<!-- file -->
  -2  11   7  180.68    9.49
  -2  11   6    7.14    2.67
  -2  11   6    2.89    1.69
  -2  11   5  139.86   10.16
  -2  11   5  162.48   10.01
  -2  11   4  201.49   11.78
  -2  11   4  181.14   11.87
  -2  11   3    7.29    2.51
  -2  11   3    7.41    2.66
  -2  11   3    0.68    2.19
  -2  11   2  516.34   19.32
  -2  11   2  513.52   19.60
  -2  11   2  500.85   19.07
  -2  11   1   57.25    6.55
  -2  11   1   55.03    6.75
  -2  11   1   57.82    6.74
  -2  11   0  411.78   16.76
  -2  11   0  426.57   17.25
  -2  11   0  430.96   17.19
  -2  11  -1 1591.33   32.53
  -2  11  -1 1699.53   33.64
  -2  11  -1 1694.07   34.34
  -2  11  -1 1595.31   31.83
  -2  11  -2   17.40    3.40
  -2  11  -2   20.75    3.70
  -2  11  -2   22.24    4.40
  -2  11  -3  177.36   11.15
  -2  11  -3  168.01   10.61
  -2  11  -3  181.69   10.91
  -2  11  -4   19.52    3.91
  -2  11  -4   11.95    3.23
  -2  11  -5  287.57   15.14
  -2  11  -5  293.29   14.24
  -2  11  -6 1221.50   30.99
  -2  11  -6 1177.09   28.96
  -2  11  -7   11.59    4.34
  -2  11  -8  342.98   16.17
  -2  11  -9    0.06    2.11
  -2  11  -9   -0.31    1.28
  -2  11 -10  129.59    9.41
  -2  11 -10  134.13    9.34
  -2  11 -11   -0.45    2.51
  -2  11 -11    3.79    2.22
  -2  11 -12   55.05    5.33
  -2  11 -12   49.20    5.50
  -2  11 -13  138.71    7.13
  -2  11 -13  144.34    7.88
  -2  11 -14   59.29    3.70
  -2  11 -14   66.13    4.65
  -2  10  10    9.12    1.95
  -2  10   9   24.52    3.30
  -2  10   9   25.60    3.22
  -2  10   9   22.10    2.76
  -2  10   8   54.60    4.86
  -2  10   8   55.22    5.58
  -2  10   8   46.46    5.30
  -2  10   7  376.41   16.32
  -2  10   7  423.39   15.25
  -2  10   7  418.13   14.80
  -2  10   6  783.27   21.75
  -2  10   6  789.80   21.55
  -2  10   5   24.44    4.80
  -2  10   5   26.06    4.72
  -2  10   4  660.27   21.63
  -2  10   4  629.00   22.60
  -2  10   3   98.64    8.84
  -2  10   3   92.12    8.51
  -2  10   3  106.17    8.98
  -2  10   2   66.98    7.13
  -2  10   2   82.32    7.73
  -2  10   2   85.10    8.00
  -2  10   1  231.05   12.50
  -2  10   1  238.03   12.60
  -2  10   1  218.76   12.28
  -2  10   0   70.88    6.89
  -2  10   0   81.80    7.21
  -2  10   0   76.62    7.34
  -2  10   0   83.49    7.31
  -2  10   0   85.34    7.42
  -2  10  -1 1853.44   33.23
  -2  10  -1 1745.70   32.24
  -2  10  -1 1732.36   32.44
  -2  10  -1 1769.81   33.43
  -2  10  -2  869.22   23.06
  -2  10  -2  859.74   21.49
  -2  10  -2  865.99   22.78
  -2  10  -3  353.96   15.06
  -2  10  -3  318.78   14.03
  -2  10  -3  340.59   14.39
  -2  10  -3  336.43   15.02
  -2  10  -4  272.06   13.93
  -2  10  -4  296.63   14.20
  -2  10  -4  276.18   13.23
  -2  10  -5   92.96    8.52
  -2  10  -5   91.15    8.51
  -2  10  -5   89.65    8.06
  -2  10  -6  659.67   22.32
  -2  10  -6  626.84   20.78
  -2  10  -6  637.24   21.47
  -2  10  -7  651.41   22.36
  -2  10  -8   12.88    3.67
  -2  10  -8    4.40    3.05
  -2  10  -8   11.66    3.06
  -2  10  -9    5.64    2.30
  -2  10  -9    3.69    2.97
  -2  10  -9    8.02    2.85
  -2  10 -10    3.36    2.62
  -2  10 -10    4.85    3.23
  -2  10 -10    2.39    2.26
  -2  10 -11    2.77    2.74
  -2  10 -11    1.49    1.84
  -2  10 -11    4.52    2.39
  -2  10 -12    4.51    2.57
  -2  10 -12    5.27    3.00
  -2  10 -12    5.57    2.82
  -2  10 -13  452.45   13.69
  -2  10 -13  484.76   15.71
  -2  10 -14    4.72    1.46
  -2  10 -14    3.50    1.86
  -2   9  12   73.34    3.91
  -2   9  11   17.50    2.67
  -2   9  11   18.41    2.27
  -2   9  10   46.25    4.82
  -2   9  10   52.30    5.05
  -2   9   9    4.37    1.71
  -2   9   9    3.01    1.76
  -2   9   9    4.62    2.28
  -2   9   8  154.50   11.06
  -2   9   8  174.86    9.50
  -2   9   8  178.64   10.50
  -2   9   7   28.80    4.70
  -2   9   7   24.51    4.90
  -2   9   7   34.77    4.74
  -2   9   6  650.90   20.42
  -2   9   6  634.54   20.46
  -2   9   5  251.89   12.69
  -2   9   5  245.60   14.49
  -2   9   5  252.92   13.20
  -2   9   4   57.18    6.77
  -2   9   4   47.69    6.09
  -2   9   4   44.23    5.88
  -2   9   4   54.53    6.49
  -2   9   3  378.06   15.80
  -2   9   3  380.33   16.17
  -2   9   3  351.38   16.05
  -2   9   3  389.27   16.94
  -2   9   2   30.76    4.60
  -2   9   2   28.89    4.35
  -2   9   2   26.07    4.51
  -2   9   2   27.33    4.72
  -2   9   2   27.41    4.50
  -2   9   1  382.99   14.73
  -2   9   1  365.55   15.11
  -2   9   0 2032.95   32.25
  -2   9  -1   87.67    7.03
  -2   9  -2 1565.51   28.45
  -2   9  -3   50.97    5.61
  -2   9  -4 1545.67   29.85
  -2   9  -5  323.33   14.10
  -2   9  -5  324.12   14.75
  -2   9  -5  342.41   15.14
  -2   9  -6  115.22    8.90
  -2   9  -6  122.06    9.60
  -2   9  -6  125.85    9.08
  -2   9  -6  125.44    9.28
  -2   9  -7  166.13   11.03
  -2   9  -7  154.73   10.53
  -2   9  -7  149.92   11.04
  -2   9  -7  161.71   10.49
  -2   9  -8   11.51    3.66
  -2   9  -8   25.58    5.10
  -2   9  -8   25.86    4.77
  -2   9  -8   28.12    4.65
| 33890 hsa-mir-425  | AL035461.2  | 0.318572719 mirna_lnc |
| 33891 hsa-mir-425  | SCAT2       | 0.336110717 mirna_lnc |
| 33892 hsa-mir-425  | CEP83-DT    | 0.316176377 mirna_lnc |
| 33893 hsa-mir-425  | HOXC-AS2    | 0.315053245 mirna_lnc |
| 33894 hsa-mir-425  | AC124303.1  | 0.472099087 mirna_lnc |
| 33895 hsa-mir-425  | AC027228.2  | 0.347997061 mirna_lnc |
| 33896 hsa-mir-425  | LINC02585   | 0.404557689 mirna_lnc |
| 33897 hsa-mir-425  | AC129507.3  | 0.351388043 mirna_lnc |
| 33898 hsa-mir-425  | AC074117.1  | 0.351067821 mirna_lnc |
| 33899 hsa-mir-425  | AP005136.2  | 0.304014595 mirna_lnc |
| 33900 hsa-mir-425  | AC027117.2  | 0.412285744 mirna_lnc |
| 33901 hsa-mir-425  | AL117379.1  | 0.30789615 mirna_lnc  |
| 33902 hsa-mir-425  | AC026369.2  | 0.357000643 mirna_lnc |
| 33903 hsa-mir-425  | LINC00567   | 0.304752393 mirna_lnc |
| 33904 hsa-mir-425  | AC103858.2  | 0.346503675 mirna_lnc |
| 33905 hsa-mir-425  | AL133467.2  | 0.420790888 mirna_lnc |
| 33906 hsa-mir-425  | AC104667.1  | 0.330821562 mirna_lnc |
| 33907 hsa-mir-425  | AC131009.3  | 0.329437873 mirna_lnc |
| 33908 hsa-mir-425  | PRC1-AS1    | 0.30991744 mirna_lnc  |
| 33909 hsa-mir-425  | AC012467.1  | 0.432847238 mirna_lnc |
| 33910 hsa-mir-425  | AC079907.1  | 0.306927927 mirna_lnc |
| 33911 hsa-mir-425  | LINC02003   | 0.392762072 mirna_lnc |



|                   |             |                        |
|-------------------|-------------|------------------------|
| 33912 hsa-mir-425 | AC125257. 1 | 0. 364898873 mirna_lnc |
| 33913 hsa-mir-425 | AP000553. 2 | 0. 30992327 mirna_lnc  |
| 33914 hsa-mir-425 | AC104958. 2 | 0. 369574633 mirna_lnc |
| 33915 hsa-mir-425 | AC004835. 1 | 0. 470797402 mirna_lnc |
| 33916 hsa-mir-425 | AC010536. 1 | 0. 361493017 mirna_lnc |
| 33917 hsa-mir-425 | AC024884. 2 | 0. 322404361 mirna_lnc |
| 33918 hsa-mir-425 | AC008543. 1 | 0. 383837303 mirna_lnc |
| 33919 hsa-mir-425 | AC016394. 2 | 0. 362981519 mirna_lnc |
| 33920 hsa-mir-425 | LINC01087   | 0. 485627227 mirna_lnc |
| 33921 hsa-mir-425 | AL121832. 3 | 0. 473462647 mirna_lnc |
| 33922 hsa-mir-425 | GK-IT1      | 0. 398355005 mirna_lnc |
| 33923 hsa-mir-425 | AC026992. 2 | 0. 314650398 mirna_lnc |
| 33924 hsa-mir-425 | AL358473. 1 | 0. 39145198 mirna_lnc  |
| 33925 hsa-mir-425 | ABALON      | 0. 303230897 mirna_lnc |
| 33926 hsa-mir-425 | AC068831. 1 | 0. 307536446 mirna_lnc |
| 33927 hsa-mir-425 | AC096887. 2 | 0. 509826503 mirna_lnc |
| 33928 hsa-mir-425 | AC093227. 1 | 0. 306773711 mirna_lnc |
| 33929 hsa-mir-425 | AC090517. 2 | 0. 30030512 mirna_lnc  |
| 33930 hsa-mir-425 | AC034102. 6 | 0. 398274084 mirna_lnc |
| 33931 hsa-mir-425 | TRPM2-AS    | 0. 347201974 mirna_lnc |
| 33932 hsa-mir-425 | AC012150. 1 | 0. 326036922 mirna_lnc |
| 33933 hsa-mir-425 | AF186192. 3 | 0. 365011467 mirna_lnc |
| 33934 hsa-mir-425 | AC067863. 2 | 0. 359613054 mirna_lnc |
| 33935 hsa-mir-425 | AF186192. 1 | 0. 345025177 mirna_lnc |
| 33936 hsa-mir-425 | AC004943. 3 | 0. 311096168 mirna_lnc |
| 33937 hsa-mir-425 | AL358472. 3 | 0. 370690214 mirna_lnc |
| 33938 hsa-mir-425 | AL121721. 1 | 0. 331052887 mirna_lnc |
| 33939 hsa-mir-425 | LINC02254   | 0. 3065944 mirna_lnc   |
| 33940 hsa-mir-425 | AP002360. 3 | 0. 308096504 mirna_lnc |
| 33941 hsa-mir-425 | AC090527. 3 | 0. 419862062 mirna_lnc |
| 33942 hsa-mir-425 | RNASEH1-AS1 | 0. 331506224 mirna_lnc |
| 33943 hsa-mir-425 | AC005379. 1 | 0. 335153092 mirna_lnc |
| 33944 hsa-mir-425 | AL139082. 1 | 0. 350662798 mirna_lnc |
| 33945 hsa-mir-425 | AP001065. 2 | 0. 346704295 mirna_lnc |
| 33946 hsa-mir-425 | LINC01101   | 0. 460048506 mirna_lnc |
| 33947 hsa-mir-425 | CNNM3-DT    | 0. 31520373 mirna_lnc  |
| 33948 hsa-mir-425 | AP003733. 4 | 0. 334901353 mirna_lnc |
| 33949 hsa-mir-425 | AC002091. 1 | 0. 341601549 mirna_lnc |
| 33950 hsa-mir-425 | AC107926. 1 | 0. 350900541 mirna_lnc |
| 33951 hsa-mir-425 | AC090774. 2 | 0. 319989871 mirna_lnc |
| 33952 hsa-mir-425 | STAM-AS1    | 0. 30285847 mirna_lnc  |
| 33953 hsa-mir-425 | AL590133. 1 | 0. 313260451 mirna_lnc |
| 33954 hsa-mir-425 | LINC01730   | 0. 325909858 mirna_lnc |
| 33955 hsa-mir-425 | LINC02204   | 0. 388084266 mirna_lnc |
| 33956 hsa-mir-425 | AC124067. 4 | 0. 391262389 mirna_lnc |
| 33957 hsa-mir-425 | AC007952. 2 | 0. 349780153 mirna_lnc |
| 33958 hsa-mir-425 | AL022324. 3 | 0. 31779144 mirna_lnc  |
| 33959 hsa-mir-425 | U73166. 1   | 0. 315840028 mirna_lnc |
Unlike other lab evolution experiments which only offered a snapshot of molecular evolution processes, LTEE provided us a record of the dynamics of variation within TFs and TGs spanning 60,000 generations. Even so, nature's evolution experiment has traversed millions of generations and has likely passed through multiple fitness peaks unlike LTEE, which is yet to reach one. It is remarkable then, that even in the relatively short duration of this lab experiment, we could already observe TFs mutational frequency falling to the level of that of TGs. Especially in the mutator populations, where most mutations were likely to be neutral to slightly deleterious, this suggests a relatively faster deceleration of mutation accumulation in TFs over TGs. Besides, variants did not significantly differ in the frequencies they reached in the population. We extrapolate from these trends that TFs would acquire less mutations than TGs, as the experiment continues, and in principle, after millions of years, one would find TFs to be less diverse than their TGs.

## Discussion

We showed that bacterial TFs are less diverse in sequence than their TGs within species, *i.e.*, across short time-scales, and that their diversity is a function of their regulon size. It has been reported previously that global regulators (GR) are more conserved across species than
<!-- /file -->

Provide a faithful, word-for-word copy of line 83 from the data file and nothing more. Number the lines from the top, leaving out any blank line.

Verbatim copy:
  -2  10  -1 1769.81   33.43